• Open Access English
    Authors: 
    Mamelund, Svenn-Erik; Dimka, Jessica;
    Publisher: Routledge

    Despite common perceptions to the contrary, pandemic diseases do not affect populations indiscriminately. In this paper, we review literature produced by demographers, historians, epidemiologists, and other researchers on disparities during the 1918–20 influenza pandemic and the Covid-19 pandemic. Evidence from these studies demonstrates that lower socio-economic status and minority/stigmatized race or ethnicity are associated with higher morbidity and mortality. However, such research often lacks theoretical frameworks or appropriate data to explain the mechanisms underlying these disparities fully. We suggest using a framework that considers proximal and distal factors contributing to differential exposure, susceptibility, and consequences as one way to move this research forward. Further, current pandemic preparedness plans emphasize medically defined risk groups and epidemiological approaches. Therefore, we conclude by arguing in favour of a transdisciplinary paradigm that recognizes socially defined risk groups, includes input from the social sciences and humanities and other diverse perspectives, and contributes to the reduction of health disparities before a pandemic hits.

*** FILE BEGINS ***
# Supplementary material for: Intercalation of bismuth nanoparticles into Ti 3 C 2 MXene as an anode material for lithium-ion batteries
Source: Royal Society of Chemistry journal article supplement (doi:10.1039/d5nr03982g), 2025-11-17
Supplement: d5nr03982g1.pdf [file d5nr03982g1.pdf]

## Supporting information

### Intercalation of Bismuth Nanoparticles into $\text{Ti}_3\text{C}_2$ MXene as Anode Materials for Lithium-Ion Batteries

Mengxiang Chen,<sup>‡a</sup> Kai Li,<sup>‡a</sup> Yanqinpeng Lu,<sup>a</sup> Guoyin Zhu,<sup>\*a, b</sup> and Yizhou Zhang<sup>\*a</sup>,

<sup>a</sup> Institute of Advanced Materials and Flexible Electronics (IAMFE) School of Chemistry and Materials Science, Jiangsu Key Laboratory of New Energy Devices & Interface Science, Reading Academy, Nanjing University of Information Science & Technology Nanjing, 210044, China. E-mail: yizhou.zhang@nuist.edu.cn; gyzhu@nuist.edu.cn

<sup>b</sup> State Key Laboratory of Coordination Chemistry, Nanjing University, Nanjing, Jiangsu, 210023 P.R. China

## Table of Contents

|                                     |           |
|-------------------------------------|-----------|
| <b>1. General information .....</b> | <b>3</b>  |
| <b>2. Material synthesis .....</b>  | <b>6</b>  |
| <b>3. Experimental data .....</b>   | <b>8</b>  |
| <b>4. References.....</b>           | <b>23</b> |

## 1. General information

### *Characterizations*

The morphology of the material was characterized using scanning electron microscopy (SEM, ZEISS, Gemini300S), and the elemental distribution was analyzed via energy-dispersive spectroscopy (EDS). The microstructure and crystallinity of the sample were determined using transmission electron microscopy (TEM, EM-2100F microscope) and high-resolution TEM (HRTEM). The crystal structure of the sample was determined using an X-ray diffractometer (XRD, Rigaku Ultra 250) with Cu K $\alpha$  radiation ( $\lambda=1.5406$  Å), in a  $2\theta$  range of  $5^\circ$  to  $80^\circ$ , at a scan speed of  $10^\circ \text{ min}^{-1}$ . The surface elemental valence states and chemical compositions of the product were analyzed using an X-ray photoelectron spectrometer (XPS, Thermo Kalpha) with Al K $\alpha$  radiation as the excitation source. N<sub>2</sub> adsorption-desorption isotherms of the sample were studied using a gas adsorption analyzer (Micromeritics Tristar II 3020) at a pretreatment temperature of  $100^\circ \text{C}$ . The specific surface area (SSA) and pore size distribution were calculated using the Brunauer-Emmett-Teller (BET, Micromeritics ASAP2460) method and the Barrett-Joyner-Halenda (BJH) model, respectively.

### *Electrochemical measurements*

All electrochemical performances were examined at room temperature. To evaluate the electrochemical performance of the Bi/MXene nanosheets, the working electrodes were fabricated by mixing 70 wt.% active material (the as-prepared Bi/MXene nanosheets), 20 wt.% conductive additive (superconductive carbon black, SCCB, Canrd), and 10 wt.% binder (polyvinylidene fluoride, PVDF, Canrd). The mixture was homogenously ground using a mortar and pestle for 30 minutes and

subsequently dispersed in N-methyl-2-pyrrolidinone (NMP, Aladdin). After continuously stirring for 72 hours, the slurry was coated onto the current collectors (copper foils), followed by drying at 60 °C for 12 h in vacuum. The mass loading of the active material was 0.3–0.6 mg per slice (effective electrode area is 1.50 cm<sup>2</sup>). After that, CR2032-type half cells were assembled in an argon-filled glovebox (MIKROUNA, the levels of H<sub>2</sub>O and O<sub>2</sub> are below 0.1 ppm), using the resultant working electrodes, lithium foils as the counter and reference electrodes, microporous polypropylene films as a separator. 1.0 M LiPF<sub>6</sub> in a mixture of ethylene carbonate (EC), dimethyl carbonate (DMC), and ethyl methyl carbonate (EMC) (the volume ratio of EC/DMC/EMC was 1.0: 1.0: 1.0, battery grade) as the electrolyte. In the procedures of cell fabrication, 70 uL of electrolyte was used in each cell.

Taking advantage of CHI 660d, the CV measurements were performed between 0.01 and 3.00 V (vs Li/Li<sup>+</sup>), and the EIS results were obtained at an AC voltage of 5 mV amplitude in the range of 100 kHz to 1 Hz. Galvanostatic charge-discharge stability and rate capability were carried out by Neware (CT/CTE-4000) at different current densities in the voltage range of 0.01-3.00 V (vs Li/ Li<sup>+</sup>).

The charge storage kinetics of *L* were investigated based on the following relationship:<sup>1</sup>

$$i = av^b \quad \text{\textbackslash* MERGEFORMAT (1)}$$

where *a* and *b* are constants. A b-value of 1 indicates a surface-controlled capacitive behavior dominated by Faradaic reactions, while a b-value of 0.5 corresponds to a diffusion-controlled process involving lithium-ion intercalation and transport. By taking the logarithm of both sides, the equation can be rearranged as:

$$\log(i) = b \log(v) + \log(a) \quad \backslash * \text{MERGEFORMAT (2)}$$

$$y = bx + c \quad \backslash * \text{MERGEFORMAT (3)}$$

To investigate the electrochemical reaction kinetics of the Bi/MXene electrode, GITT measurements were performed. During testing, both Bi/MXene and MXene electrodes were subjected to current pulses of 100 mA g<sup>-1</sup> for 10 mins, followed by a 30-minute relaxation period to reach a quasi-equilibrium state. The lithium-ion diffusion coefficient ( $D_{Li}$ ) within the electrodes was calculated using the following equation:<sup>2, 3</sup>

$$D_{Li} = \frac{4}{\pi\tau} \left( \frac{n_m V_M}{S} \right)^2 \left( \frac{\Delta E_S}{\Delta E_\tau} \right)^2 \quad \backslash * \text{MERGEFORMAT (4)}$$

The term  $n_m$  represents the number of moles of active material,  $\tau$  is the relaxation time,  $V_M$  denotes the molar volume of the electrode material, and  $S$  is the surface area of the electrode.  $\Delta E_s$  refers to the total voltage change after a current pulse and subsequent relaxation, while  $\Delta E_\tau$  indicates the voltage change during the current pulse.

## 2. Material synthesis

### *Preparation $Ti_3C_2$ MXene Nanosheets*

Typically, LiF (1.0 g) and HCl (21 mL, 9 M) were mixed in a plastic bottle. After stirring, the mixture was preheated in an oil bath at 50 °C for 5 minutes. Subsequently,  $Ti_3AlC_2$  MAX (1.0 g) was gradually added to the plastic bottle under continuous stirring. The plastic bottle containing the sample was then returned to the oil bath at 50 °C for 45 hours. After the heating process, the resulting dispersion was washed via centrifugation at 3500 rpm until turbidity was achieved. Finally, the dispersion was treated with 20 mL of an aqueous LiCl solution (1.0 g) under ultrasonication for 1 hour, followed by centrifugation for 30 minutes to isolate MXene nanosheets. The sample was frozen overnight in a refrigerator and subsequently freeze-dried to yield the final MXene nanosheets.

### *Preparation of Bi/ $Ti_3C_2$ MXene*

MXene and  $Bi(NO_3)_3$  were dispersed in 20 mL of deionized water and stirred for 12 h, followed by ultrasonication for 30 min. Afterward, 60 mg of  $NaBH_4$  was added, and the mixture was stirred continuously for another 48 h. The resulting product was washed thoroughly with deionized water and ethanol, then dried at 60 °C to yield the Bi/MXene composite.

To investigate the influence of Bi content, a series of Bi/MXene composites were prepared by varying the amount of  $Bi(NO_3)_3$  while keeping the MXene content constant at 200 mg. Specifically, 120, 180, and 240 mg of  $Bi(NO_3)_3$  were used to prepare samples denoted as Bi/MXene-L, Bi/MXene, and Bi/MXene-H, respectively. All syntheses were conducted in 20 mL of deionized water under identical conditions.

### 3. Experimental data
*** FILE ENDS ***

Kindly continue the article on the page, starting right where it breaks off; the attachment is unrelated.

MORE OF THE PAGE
• Open Access English
    Authors: 
    Banco de España;
    Publisher: Banco de España
    Country: Spain
  • Open Access English
    Authors: 
    Kinsella, Cormac M.; Santos, Pauline Dianne; Postigo-Hidalgo, Ignacio; Folgueiras-González, Alba; Passchier, Tim Casper; Szillat, Kevin P.; Akello, Joyce Odeke; Álvarez-Rodríguez, Beatriz; Martí-Carreras, Joan;

    The first cluster of patients suffering from coronavirus disease 2019 (COVID-19) was identified on December 21, 2019, and as of July 29, 2020, severe acute respiratory syndrome coronavirus 2 (SARS-CoV-2) infections have been linked with 664,333 deaths and number at least 16,932,996 worldwide. Unprecedented in global societal impact, the COVID-19 pandemic has tested local, national, and international preparedness for viral outbreaks to the limits. Just as it will be vital to identify missed opportunities and improve contingency planning for future outbreaks, we must also highlight key successes and build on them. Concomitant to the emergence of a novel viral disease, there is a 'research and development gap' that poses a threat to the overall pace and quality of outbreak response during its most crucial early phase. Here, we outline key components of an adequate research response to novel viral outbreaks using the example of SARS-CoV-2. We highlight the exceptional recent progress made in fundamental science, resulting in the fastest scientific response to a major infectious disease outbreak or pandemic. We underline the vital role of the international research community, from the implementation of diagnostics and contact tracing procedures to the collective search for vaccines and antiviral therapies, sustained by unique information sharing efforts.

  • Other research product . Other ORP type . 2021
    Open Access English
    Authors: 
    Kooman, Jeroen P.; van der Sande, Frank M.;